In the 48 year history of the race, you will find a lot of repeat winners.
7 competitors have won the race four times, with the record of 5 held by Rick Swenson.
There is no women’s division, and there isn’t really a need for one. Libby Riddles was the first woman to win the race in 1985, and Susan Butcher is one of the four-time champions.
There are also several families which have been heavily represented.
Mitch Seavy is a 3-time winner and his son Dallas is a 4x winner. In fact, in 2017 Mitch, the father beat his son who took second place. Mitch became the oldest Iditarod winner at the age of 58. He also set the record time in 2017 at 8 days, 3 hours, 40 minutes, and 13 seconds.
Dallas Seavy is the youngest winner ever at the age of 25.
The other family which is heavily represented is the Mackay family. Dick Mackay won in 1978, his son Rick won in 1983, and his other son Lance won four consecutive races from 2007 to 2010.
Dick’s 1978 victory was the closest in history. He won the race in 14 days, 18 hours 52 minutes, and 24 seconds…..one second faster than the runner-up. In fact, there was a lot of controversy surrounding the finish because while his lead dog crossed the finish line a second ahead, he had 8 dogs. Runner-up Rick Swenson only had 6 dogs, and his person crossed the finish line just before Mackay.
Speaking of Lance Mackay, the Iditarod is one of two major dog sledding competitions each year. The other is the Yukon Quest which goes between Whitehorse, Yukon, and Fairbanks, Alaska. It is actually considered a much more difficult race and very few mushers ever compete in both events due to the grueling and difficult nature of the races.
However, in 2007, Lance Mackay became the first person ever to win both races in a single year, and in fact, the second person to have won both races period after this father. It was something most people thought was impossible. He then repeated the feat in 2008, completing his fourth consecutive Yukon Quest victory.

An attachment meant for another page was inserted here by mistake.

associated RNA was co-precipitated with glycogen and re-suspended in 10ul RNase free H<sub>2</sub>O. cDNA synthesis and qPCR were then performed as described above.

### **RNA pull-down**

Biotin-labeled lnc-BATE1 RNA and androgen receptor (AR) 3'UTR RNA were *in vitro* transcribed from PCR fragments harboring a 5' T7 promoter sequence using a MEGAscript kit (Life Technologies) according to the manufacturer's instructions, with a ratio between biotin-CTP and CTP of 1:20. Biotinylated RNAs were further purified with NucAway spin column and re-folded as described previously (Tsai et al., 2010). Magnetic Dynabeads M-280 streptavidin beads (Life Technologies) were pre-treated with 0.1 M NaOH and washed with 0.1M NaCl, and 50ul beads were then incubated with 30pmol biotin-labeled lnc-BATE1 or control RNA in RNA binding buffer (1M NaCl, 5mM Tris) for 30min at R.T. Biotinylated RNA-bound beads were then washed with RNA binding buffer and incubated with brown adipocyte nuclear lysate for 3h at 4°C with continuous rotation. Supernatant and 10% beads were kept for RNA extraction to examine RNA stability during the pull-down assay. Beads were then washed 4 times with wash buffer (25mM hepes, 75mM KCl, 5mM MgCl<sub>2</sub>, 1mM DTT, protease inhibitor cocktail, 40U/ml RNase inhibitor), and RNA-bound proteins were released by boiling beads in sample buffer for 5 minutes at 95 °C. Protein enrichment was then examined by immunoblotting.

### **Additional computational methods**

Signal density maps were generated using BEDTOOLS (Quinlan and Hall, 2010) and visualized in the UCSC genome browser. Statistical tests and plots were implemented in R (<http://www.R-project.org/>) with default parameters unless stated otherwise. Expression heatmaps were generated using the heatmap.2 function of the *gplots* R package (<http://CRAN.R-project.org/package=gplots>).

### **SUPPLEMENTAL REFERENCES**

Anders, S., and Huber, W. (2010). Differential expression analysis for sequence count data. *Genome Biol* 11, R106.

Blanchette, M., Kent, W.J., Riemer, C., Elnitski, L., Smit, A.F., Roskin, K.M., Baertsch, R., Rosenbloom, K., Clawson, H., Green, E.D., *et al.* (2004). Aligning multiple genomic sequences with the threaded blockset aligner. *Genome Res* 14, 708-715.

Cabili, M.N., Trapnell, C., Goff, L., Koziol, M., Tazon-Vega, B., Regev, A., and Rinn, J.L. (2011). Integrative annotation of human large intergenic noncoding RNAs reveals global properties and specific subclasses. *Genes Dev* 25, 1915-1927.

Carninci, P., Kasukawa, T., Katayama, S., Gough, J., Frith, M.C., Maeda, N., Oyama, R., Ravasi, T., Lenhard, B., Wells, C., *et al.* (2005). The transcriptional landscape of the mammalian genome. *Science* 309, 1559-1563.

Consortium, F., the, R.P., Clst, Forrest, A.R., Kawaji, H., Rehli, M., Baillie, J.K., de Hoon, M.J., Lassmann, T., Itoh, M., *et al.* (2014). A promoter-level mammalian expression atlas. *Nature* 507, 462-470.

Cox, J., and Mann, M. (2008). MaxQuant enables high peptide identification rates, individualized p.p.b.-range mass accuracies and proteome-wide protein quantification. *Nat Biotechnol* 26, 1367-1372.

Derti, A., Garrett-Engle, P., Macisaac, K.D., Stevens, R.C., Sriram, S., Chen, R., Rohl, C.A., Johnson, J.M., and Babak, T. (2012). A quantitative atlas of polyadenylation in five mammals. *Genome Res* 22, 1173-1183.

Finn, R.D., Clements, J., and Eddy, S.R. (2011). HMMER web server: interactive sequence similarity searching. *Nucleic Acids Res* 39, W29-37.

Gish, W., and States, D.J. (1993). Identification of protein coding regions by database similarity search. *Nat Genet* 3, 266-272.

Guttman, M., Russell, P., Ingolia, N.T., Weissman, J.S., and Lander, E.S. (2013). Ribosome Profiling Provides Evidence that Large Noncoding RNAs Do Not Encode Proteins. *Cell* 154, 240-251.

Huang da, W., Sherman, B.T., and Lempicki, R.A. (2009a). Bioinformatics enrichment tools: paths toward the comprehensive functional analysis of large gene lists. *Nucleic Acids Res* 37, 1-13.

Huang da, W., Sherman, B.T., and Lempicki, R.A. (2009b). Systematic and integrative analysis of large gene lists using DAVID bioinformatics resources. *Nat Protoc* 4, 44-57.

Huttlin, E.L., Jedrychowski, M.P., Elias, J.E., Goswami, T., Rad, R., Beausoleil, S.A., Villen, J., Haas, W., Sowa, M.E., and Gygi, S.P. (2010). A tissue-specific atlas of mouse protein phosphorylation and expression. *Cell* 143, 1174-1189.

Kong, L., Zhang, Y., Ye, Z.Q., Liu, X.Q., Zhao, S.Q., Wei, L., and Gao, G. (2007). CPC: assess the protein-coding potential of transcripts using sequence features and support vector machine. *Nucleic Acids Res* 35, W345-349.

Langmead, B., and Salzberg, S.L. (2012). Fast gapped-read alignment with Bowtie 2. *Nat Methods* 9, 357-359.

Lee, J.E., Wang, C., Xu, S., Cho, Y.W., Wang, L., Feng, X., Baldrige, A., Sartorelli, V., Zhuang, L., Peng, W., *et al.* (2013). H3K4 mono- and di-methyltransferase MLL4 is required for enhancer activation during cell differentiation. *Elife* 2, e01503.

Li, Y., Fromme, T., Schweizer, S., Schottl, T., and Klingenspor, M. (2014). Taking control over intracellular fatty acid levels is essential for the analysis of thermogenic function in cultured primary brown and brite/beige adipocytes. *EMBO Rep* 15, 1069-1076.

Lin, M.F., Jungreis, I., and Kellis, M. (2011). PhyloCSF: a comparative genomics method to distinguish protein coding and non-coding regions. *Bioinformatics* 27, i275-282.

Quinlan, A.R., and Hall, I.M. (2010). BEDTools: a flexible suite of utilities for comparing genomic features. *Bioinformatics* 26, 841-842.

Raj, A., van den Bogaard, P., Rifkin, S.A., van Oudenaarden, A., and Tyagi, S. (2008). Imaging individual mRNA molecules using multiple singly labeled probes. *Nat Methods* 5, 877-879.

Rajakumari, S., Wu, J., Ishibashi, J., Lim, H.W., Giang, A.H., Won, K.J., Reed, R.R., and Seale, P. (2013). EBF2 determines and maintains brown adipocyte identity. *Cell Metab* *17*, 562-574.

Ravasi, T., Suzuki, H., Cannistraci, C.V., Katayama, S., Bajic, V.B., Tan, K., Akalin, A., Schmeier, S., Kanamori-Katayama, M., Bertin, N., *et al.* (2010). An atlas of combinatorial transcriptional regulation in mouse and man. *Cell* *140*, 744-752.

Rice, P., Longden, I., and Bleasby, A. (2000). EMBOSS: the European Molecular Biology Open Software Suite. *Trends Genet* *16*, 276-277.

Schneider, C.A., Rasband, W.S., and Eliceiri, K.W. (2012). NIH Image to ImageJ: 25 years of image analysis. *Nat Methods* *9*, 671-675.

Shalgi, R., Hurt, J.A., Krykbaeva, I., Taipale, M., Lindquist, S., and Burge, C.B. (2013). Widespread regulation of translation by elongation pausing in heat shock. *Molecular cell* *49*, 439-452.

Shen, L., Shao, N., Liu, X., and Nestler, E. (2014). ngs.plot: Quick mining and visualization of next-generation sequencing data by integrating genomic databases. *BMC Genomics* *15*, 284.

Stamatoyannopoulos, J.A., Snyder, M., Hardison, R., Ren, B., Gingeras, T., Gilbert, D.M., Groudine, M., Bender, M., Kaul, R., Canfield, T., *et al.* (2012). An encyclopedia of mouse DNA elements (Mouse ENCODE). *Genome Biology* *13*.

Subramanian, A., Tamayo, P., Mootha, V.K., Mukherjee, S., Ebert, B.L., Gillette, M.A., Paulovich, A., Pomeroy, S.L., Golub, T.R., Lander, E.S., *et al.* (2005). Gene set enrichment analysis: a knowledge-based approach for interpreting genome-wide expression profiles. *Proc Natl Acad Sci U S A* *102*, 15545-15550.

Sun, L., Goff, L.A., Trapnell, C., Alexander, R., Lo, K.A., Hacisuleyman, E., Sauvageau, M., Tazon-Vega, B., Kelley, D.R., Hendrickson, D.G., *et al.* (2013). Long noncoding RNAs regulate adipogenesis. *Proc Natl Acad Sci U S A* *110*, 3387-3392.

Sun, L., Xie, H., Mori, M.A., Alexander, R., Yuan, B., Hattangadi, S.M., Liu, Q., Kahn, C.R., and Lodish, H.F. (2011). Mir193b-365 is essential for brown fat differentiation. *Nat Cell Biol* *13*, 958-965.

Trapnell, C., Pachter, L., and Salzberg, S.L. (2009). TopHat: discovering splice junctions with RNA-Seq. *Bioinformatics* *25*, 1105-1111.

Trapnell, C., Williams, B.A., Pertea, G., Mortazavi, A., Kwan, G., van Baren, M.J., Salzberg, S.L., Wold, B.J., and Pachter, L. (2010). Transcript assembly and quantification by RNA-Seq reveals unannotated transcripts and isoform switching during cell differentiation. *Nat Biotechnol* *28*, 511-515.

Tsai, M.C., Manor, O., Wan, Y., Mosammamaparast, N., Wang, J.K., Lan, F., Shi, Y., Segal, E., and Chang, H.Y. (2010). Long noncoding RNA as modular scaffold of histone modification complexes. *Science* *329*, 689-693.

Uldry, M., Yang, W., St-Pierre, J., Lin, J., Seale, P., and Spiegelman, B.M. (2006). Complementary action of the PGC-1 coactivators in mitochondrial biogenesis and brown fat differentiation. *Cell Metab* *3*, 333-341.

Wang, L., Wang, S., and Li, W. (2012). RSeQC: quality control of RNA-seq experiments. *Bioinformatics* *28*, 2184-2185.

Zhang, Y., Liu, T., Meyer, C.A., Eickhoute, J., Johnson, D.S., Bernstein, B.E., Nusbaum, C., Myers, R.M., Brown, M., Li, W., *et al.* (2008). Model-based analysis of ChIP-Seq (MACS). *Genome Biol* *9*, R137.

All three members of the Mackay family won the race on their 6th attempt, and they all wore number 13. Brenda Mackey is competing this year, and she is the third generation of Mackey’s to compete in the race.
The route of the race has changed in the past. In years with insufficient snow, the race has started in Fairbanks. In 2021, due to COVID-19, the route will be avoiding many of the small towns, and mushers and support staff will have to camp outside.
In a normal race, there are 26 checkpoints where the mushers check-in and get supplies, which are delivered by their team before the start of the race. There is one mandatory 24 hours stop that has to be made to rest the dogs, and there are vets at every stop to check on the health and condition of the dogs.
2021 will also be the first year that the race isn’t ending in Nome.
The 2020 winner, Thomas Waerner of Norway, was stuck in Alaska for several months after the race due to flight restrictions
The Iditarod isn’t really what you would call a spectator sport. Other than the ceremonial start, and maybe the finish, there is almost no one along the route watching the teams compete. The only way to follow is online and that involves just getting updates from the various checkpoints.
As of the time I am recording this the 2021 race has just begun and they should be on the trail for at least the next week. If you want to follow the race, just visit the Iditarod website where you can get not quite up to the minute results on what is considered the world’s last great race.